Hazing acts detailed

The University has suspended the FarmHouse fraternity because of hazing.

Kevin McCahill

Beatings, the suggestion of bestiality and other forms of humiliation were forced upon FarmHouse fraternity members as acts of hazing.

According to information released Friday by the University’s Student Activities Office, fraternity members forced students into sleep deprivation, beat them with a strap and took them to livestock pens where students believed they were to have sex with animals.

The students were taken to livestock pens and given condoms, but they were told it was a joke before they actually entered the pens.

Members also were hung over a balcony in their underwear while water was poured on them.

The Student Activities Office memo stated some students also were expected to clean the house with toothbrushes at any time, day or night.

In late February two students complained to the University about the activities. The chapter is under suspension from the University as well as the Interfraternity Council until spring 2007.

The University is investigating 15 students.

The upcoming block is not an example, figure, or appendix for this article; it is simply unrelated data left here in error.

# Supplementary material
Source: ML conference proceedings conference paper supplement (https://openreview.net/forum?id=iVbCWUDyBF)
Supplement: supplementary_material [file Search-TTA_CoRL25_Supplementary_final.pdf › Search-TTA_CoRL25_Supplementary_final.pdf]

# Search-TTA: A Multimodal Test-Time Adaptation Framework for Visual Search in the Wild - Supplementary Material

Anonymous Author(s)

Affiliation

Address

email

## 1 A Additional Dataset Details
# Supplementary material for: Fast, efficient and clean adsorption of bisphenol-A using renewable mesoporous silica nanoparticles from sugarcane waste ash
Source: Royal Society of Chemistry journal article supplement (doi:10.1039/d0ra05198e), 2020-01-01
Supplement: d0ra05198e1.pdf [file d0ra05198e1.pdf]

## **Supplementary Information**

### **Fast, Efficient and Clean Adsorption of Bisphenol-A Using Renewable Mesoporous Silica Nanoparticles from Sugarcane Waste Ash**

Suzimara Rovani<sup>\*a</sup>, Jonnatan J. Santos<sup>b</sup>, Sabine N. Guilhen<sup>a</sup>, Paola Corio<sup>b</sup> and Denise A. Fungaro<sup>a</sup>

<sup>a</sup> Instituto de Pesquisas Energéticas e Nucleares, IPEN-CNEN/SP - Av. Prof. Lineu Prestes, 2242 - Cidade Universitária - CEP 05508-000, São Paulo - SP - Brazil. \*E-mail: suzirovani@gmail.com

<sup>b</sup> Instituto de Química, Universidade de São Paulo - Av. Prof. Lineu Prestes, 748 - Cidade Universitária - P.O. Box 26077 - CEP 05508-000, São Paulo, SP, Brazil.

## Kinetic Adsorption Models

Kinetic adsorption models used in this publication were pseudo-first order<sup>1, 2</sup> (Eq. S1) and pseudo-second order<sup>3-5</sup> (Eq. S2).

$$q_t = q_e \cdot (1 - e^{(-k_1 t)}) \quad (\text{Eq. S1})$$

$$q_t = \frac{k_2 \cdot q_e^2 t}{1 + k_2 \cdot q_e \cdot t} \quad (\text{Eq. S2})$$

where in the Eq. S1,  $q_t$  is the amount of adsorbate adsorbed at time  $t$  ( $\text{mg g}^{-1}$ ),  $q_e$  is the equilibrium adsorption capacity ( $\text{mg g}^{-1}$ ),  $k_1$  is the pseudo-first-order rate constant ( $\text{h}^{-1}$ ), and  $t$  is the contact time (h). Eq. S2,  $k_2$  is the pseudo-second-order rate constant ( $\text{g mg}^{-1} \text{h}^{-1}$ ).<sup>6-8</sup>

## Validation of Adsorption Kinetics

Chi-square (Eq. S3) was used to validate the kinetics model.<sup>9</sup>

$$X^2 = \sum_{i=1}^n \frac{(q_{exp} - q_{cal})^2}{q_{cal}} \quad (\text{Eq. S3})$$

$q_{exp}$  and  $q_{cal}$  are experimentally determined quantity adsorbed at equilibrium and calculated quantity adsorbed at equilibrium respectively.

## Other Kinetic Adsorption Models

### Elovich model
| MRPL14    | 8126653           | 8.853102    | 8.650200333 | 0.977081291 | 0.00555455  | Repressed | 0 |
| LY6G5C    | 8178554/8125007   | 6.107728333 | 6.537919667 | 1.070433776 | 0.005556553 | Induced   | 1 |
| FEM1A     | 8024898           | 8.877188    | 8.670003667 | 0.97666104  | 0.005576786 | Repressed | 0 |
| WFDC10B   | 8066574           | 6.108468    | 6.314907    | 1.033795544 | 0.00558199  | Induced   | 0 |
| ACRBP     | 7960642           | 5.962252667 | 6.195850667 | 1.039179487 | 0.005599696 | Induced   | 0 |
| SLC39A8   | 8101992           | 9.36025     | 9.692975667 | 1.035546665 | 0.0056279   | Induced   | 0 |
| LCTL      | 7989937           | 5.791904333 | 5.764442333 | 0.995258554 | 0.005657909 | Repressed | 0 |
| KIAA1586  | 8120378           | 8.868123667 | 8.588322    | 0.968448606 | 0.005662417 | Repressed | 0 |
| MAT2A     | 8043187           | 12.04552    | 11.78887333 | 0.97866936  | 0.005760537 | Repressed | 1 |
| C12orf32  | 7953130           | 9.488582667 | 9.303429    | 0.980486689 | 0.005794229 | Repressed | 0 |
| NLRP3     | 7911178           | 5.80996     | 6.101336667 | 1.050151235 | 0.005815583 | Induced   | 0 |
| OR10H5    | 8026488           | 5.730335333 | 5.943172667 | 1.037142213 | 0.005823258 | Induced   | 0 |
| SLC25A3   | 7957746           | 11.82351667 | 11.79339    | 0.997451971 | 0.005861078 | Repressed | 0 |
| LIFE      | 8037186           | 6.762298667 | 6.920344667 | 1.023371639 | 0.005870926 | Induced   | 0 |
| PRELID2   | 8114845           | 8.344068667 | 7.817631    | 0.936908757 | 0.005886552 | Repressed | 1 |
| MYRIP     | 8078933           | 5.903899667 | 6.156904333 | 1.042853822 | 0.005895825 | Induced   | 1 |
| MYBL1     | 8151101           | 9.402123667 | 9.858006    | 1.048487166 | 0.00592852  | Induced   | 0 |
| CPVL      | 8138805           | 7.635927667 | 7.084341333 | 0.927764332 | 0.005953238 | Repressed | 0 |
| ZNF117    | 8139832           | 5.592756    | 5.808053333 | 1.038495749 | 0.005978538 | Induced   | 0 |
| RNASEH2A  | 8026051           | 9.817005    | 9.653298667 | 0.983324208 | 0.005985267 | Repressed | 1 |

“We’ve been coordinating with the University, and we’re moving forward,” said FarmHouse International Executive Director Jim Griffith. “We have a lot of work to do, and it’s time to move forward with the guidance of the chapter.”

Griffith said it was his goal to see hazing removed forever from college campuses. He also said he hopes students become educated about hazing and what should be done about it.

“I think there is a value in trying to see this from an educational standpoint,” he said.

Interfraternity Council President Alex Vu said he was “shocked” at the severity of the hazing.

“That is really unacceptable,” Vu said. “People have heard of different measures of hazing, but that is the most extreme.

“At first we thought the punishment was extreme, but we didn’t know what they did,” Vu said of the at least yearlong suspension at the very least from the University. “Now it’s pretty appropriate.”

FarmHouse chapter president Jeff Schmitz did not return a phone call for comment. University personnel also could not be reached for comment.

Delta Kappa Epsilon President Matt Mountain said he wouldn’t comment on the FarmHouse issue.

“It’s none of my business,” he said.

Other fraternity members said they were instructed by their organizations to not comment on the issue.

Although some people said there were stunned by the acts, not everyone expressed shock.

“I’m not really surprised,” said journalism senior Kimberly Schneider. “You hear about things like this going on at other schools.”

Mechanical engineering junior Brandon Schendel said he hasn’t been paying attention to the issue, but also said he didn’t have any strong feelings.

“It wasn’t surprising, but I didn’t really have very high expectations of anyone,” he said.